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China's Opaque Anti-Espionage Law Threatens Expats With Arbitrary Detention

A tool for suppressing dissent?


Last month, a Beijing-based employee of Astellas Pharma Inc., a Japanese pharmaceutical company, was arrested by Chinese authorities. According to a Foreign Ministry spokesperson, "This Japanese citizen is suspected of engaging in espionage activities." As usual, details surrounding the detention are scarce, and ambiguities abound.

Beijing is hardly known for transparency or as a fount of information. In China, state presence in private business is the norm. The situation is unlikely to change under President Xi Jinping, striving to establish a new order of "socialism with Chinese characteristics."

The President's regulatory crackdowns on the business world have sent shockwaves through many of the economy's crucial sectors, like real estate and the tech industry. But, after taking over for an unprecedented third term, President Xi, through his Premier Li, had assured the private sector of "unswerving" support.

The Chinese economy is struggling to recover from stringent Zero Covid measures, which put the country in lockdown for months and brought its manufacturing units to their knees. Even as Beijing woos foreign investments to boost its sluggish economy, ambiguous laws, and ad hoc enforcements create an unfriendly business environment.

The anti-espionage law under which the Japanese pharma employee was arrested came into force on November 1, 2014. The law aims to combat espionage activities that threaten China's national security. But, such a crucial piece of legislation fails to satisfactorily and explicitly define "national security" or what constitutes "espionage activities."

The law imposes strict regulations on foreign companies operating in China, requiring them to provide detailed information about their activities and submit to government scrutiny. In extreme cases, those found guilty of these crimes can face severe punishments, including lengthy prison terms and even the death penalty.

The vague provisions of the law are left to broad interpretations. In addition, there is a lack of clarity on how the law will be enforced. A few ambiguities and issues associated with the law are:

1. Vague Definitions: The main issues with the law are the vague definitions of espionage and national security. It does not provide clear guidelines on what constitutes espionage, leading to confusion among domestic and foreign entities.

2. Lack of Transparency: The law does not specify the procedures for handling espionage cases, leaving room for potential abuse of power. Additionally, the law requires foreign companies to provide detailed information about their activities, but it does not specify how this information will be used or protected.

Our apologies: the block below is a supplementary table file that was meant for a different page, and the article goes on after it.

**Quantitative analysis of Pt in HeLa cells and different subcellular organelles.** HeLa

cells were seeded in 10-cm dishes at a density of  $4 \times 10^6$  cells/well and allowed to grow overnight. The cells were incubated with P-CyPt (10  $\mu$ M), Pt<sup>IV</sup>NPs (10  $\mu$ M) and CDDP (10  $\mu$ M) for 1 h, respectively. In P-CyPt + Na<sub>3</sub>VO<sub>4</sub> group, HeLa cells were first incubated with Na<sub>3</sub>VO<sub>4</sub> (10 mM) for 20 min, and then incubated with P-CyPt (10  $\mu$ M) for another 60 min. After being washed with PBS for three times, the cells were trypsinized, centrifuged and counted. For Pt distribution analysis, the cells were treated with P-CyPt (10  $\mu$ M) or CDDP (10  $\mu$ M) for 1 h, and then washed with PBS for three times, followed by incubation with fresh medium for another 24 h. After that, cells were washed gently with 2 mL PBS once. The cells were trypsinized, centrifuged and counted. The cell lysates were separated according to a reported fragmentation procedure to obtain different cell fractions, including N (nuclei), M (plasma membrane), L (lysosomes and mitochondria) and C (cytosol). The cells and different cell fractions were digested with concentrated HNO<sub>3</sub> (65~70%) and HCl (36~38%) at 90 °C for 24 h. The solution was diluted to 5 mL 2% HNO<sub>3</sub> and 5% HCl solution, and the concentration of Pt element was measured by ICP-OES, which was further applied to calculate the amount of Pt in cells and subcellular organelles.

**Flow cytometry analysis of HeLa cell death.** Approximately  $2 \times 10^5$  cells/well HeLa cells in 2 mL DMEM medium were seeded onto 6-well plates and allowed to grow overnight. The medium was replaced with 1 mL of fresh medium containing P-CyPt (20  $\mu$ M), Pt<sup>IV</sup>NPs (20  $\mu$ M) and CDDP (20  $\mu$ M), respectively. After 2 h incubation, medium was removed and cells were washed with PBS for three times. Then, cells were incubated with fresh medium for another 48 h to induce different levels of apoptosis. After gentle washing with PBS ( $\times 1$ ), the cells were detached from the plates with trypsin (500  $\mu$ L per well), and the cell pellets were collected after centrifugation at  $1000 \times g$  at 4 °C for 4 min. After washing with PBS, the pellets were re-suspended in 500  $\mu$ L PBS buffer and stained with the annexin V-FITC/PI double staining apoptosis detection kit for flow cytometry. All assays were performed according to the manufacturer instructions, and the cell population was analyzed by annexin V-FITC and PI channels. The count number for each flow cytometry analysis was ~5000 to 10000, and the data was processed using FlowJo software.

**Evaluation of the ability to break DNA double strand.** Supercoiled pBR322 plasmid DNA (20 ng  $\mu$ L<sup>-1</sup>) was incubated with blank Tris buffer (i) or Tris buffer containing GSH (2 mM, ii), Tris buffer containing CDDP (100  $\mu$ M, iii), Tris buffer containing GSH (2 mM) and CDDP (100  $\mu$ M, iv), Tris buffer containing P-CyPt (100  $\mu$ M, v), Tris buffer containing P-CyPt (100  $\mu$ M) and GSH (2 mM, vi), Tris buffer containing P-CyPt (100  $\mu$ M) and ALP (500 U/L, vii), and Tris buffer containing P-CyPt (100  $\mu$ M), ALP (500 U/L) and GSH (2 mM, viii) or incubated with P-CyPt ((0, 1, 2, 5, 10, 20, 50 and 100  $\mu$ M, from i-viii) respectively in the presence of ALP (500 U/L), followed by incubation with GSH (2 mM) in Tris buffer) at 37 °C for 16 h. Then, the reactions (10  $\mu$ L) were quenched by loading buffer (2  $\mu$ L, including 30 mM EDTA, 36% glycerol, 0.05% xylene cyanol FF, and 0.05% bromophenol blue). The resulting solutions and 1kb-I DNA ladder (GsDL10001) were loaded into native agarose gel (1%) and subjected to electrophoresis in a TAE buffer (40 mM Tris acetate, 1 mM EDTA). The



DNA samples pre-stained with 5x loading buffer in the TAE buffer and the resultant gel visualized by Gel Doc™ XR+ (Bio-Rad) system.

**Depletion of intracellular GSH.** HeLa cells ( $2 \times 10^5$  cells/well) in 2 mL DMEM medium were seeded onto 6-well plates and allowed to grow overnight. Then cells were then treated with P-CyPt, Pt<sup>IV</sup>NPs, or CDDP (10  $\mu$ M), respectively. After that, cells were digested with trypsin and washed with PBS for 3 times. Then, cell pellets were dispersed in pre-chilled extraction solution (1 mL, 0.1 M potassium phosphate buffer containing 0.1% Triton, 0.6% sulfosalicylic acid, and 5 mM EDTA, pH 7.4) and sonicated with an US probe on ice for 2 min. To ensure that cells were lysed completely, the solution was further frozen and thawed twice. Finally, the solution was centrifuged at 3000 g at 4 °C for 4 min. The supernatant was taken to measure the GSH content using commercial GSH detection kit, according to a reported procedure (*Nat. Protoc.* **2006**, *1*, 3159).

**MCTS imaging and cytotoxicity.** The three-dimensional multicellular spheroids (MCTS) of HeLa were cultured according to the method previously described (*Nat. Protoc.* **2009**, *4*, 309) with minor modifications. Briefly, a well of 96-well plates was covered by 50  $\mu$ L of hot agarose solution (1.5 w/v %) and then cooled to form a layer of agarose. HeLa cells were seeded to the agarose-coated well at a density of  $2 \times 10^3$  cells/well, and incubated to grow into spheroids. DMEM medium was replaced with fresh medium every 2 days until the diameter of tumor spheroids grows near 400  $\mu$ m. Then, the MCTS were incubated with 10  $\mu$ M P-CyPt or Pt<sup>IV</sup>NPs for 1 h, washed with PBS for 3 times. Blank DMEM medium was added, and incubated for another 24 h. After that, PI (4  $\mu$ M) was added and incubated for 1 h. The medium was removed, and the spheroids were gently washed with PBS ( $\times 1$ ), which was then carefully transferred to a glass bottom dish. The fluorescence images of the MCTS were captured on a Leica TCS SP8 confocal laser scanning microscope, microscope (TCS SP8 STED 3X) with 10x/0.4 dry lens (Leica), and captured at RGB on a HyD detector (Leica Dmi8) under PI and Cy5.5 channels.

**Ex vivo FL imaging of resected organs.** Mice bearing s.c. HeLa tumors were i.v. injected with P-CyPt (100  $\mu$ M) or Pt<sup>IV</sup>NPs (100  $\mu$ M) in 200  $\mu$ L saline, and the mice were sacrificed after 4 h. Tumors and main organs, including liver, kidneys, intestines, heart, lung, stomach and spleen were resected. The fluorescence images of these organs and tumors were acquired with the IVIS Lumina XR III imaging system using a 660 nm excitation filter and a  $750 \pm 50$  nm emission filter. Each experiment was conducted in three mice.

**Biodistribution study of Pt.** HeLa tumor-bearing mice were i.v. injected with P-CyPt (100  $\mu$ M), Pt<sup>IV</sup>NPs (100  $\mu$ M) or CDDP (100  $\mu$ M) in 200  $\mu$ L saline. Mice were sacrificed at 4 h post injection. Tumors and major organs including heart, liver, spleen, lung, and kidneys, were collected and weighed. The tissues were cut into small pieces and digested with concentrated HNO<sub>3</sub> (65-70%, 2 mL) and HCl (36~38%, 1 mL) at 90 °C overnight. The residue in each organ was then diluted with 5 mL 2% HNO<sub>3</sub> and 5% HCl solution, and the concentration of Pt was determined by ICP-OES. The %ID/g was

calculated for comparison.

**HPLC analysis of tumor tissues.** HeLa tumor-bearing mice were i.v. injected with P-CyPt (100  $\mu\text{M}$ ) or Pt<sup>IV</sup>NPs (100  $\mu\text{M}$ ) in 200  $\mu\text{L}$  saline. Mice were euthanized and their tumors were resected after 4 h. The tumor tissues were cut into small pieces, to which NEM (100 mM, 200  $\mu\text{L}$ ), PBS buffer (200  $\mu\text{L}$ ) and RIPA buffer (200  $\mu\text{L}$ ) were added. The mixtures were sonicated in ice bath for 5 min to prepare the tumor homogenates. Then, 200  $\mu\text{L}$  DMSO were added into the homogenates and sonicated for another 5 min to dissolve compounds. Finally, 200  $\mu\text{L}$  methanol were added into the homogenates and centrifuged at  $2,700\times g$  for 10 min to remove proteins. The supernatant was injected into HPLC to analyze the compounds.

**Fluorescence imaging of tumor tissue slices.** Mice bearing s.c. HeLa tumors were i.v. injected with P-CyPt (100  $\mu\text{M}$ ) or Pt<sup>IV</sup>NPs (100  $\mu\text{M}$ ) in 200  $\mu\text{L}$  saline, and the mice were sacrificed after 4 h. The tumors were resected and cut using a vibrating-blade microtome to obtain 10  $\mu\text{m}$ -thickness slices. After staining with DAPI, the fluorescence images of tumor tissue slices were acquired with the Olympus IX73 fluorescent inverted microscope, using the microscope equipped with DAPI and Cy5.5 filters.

3. Implications for Human Rights: The law's broad scope and lack of clarity have raised concerns the law could be used to suppress dissent and target political activists, journalists, and others who express views that are critical of the government.

4. Extraterritorial Reach: The legislation allows Chinese authorities to take action against individuals and organizations based outside China if they engage in activities that endanger China's national security. This has raised concerns about the law's extraterritorial reach and its potential impact on foreign companies and individuals.

5. Lack of Due Process: The law allows for the detention of suspects without due process for up to six months, raising concerns about arbitrary detention and abuse of power.

6. Cyber Espionage: The law's provisions on cyber espionage have also been debated. The law allows for punishing individuals and organizations that engage in cyber espionage but does not provide clear guidelines on what constitutes cyber espionage.

The legislation's broad scope and lack of clarity have raised concerns about its potential impact and scope for misuse. Critics have raised concerns about the law's potential impact on human rights and freedom of speech. Some argue that the law could be used to target dissidents and restrict access to information.

Undeterred by criticism, debate, and calls for more clarity, the law has been in effect for nearly a decade. By some estimates, about seventeen Japanese citizens, from trading house employees to academics, have been detained under the law for allegedly engaging in espionage.

Prominent Chinese businesspersons on the mainland and in Taiwan regularly disappear from the public eye, only to reappear later without clear explanations. Jack Ma made headlines around the world when he went missing for months. Beijing's hands are suspected to be behind such occurrences.

No amount of international criticism or uproar is likely to change China's course. In the name of strengthening its counterintelligence capabilities and safeguarding its sovereignty, Beijing has put in place laws that put citizens and expats at risk of detention and detainment.

But President Xi's economic dream is in dire need of foreign investment. The international business world's aversion to working with vague "espionage" laws and extensive national security gamut may force Beijing to bring much-needed clarity to the anti-espionage law.

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